His successors in the UK seem to have pared the subs budget just a little too much as well.

The Horrors of Portugal

I pottered out tonight….the wifie is away doing that pre-Christmas grandmother thing in England.

Had dinner in the cafe at the end of the road. Got to order it, the day before, so they can get the stock in sort of thing.

I ended up with a bottle of not very good red wine. About a lb or so of not all that good beef, slowly cooked with garlic and onions. Boiled potatoes, a tomato and onion salad (they\’d peeled the tomatoes, I should add), bread, dessert of a couple of fresh pears (I was greedy and asked for a third) and a cafezino (for the uninitiated, an espresso and a local brandy).

No, there\’s better food out there in this world. There\’s even better food than this in England.

I got charged €10 for the lot.

The horrors of Portugal, let me tell you.


It\’s The Way He Tells \’em

Murphy again:

It’s simply the amount that it is claimed non-doms spend in the UK, which is not the same thing. In fact, it’s far from it. By this definition all people the world over who buy our exports ‘contribute’ to the British economy. It does not justify their having preferential tax treatment.

People who buy our exports do indeed get preferential tax treatment. They don\’t pay VAT (nor, of course, income tax, national insurance, fuel duty, etc, etc etc.) So if Murphy is correct in that these are the same things, then non-doms shouldn\’t be paying VAT, income tax, national insurance…..

Getting Greg Clark Wrong.

Via both Sullivan and Lost Legacy, this review in the NY Times of Greg Clark\’s " A Farewell to Alms".

Second, Darwinian evolution is usually seen as a process that works over very long periods of time, with consequences for humans that we can observe only by looking far into the past.

Well, yes, but Clark is careful not to insist that it is Darwinian evolution which is the mechanism by which the change came about.

One frustrating aspect of Clark’s argument is that while he insists on the “biological basis” of the mechanism by which the survival of the richest fostered new human attributes and insists on the Darwinian nature of this process, he repeatedly shies away from saying whether the changes he has in mind are actually genetic. “Just as people were shaping economies,” he writes in a typical formulation, “the economy of the preindustrial era was shaping people, at least culturally and perhaps also genetically” (emphasis added). Nor does he introduce any evidence, of the kind that normally lies at the core of such debates, that traits like the capacity for hard work are heritable in the sense in which biologists use the term.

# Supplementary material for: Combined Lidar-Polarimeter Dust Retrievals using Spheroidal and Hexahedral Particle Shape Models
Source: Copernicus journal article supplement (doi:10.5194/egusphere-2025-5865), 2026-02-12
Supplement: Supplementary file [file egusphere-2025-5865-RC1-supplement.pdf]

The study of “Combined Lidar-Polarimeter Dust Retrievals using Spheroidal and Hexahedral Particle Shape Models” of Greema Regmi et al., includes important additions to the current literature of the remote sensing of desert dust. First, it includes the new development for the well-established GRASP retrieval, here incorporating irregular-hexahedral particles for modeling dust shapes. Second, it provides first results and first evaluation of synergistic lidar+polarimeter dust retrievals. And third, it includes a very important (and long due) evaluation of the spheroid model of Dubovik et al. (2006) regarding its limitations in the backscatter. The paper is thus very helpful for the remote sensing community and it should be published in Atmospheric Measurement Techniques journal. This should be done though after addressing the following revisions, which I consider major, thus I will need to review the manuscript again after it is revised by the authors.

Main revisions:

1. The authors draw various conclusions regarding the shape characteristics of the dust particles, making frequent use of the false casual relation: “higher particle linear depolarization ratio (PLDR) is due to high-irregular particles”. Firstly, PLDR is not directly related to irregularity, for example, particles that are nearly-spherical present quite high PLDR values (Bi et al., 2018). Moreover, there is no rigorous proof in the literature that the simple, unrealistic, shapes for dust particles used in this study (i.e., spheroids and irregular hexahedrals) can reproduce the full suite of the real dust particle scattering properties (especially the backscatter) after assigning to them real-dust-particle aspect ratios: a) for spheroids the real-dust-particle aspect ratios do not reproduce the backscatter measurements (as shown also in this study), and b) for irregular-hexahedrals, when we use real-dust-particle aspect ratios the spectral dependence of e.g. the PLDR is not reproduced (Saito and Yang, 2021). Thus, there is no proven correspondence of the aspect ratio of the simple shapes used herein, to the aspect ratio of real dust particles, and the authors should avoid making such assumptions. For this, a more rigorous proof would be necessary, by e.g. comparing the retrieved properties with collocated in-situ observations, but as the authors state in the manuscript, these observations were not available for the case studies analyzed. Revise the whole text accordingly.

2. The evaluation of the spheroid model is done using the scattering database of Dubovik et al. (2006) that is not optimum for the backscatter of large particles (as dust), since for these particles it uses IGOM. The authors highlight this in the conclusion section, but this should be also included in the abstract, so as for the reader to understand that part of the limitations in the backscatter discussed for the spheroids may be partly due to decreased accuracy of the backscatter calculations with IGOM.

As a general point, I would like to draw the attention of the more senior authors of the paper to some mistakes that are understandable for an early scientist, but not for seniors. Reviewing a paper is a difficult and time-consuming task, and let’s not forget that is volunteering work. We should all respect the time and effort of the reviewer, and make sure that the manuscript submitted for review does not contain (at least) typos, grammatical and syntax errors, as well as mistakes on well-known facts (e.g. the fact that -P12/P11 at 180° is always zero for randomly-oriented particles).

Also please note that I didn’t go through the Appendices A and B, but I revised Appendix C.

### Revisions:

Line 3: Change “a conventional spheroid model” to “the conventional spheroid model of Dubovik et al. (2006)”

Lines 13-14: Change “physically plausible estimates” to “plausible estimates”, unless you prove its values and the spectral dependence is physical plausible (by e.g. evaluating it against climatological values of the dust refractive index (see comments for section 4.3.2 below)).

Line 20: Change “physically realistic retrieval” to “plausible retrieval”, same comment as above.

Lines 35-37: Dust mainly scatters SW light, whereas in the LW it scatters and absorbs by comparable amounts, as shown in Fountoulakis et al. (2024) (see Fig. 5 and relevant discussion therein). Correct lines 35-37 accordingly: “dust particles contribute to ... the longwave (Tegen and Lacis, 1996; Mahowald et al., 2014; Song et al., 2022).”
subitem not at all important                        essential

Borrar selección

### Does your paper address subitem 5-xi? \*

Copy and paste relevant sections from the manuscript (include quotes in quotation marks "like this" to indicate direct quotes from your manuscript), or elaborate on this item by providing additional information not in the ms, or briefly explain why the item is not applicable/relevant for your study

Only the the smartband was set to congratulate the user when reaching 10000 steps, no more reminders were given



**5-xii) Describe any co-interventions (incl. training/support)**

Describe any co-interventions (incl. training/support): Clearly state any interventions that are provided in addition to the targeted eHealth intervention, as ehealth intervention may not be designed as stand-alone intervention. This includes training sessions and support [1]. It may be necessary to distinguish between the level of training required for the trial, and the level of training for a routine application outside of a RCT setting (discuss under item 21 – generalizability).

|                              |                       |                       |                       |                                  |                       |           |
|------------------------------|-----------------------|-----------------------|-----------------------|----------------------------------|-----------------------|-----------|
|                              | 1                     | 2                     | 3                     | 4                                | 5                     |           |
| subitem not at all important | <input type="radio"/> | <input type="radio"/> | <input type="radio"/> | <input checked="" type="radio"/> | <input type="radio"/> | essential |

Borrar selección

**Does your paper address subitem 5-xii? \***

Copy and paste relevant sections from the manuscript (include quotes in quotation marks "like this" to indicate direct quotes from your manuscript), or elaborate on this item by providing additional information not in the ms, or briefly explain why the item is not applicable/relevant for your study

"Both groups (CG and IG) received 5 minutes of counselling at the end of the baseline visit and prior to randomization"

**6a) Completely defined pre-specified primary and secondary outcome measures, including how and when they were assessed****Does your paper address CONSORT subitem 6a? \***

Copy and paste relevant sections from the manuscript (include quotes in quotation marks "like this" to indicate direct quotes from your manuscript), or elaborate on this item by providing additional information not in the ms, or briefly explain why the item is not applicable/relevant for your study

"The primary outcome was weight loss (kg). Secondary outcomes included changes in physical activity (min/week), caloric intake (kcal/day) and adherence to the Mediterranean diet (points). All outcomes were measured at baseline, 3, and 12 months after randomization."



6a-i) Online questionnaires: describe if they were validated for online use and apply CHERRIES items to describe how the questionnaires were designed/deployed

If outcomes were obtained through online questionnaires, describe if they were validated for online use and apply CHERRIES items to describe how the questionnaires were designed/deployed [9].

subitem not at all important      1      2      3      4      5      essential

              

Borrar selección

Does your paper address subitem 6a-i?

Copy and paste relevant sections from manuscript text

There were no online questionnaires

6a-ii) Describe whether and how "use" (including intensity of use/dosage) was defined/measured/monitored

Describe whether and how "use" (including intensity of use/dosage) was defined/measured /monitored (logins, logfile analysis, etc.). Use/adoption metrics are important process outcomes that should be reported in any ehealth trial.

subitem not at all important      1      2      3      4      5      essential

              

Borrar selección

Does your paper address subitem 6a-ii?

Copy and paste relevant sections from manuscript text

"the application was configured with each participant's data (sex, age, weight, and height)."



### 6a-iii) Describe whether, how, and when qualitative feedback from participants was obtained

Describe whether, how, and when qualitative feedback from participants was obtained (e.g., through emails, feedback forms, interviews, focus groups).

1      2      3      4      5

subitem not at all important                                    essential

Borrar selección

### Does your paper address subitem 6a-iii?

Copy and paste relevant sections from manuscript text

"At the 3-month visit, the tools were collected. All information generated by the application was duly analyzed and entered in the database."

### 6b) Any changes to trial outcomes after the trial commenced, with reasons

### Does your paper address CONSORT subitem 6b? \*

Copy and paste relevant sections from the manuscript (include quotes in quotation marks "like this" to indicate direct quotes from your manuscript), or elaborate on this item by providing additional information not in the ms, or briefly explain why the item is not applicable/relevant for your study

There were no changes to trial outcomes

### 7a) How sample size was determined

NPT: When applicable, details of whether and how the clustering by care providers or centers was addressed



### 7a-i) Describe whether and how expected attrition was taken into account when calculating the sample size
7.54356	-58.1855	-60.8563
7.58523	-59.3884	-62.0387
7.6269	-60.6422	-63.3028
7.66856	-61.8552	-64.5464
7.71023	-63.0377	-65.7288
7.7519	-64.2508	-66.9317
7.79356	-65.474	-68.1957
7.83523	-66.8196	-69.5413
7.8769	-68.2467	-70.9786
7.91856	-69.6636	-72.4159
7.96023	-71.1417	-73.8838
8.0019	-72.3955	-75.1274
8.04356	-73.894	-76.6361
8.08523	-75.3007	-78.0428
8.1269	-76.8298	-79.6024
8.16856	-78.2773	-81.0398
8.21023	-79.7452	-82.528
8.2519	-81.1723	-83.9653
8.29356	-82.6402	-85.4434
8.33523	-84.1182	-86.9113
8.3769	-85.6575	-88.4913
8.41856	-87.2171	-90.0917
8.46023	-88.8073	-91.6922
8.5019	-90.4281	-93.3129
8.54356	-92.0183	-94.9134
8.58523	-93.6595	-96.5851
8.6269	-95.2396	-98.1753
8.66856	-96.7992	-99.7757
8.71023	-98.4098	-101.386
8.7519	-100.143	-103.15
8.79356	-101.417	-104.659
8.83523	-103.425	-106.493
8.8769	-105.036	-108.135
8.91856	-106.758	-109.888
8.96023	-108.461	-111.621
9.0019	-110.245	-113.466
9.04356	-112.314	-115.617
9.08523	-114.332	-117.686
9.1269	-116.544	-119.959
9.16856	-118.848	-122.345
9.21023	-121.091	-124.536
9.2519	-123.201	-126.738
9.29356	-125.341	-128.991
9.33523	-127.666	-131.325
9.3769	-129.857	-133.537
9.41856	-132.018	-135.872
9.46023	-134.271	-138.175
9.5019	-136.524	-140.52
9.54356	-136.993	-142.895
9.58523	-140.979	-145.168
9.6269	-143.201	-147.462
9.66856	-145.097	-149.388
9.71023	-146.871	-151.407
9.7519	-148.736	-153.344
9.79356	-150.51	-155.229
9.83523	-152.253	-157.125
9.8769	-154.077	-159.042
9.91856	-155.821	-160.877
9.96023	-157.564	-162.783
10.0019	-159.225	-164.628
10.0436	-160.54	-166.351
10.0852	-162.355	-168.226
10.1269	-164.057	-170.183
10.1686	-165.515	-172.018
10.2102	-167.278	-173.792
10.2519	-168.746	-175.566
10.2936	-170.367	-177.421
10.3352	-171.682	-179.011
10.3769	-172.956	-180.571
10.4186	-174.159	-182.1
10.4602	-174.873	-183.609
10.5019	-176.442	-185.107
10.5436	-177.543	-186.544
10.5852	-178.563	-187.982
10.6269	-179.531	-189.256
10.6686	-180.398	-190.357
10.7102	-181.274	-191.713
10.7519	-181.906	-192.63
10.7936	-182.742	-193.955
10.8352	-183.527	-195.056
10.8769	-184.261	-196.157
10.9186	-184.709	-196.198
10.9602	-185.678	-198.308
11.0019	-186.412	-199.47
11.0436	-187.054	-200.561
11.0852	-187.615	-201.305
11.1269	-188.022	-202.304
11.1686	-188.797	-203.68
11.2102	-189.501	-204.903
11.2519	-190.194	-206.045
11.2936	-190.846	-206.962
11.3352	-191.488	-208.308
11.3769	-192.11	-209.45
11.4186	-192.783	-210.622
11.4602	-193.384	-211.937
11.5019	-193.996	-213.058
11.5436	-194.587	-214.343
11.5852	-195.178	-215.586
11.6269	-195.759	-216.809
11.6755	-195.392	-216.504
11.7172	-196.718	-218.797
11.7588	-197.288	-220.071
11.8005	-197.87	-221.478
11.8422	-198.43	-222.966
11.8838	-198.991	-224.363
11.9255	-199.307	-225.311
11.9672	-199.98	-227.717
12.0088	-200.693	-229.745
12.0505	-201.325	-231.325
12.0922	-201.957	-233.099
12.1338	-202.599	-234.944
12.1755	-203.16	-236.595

Quite, so he\’s not in fact talking about Darwinian evolution then, so why blame him for not proving that it was caused by Darwinian evolution?

The issue here is not merely a matter of too often writing “perhaps” or “maybe.” If the traits to which Clark assigns primary importance in bringing about the Industrial Revolution are acquired traits, rather than inherited ones, there are many non-Darwinian mechanisms by which a society can impart them, ranging from schools and churches to legal institutions and informal social practices.

Indeed, and we\’ll come to that.

But if the traits on which his story hinges are genetic, his account of differential childbearing and survival is necessarily central.

Ah, and there is the central error in Friedman\’s argument. For Darwinian evolution is not in fact the only sort of evolution that has been posited, nor is it the only form of evolution which we can argue actually works.

Now, let me back up slightly here. I\’m not about to get all kooky on you and insist that because your father learnt to play the guitar then so can you already play the guitar via your genes. But there has been another form of evolution posited, Lamarckian. As it turns out, with the genetic attributes of humans and other animals it turns out to be wrong. But in Deirdrie McCloskey\’s review of the same book, the issue is indeed nailed as being entirely central to the thesis (and no, she doesn\’t agree with it):

…unless they fit his notion of the material if social inheritance of acquired characteristics (“and perhaps even the genes,” says he).

The inheritance of acquired characteristics is, in evolutionary terms, referred to as Lamarckian: and as above, with reference to genes, it\’s wrong. However, with reference to culture it most certainly is not wrong.

No, I\’m not going to try and prove that culture is transmitted in a Lamarckian manner. Rather, I\’m going to prove that you and everyone else already believe it is.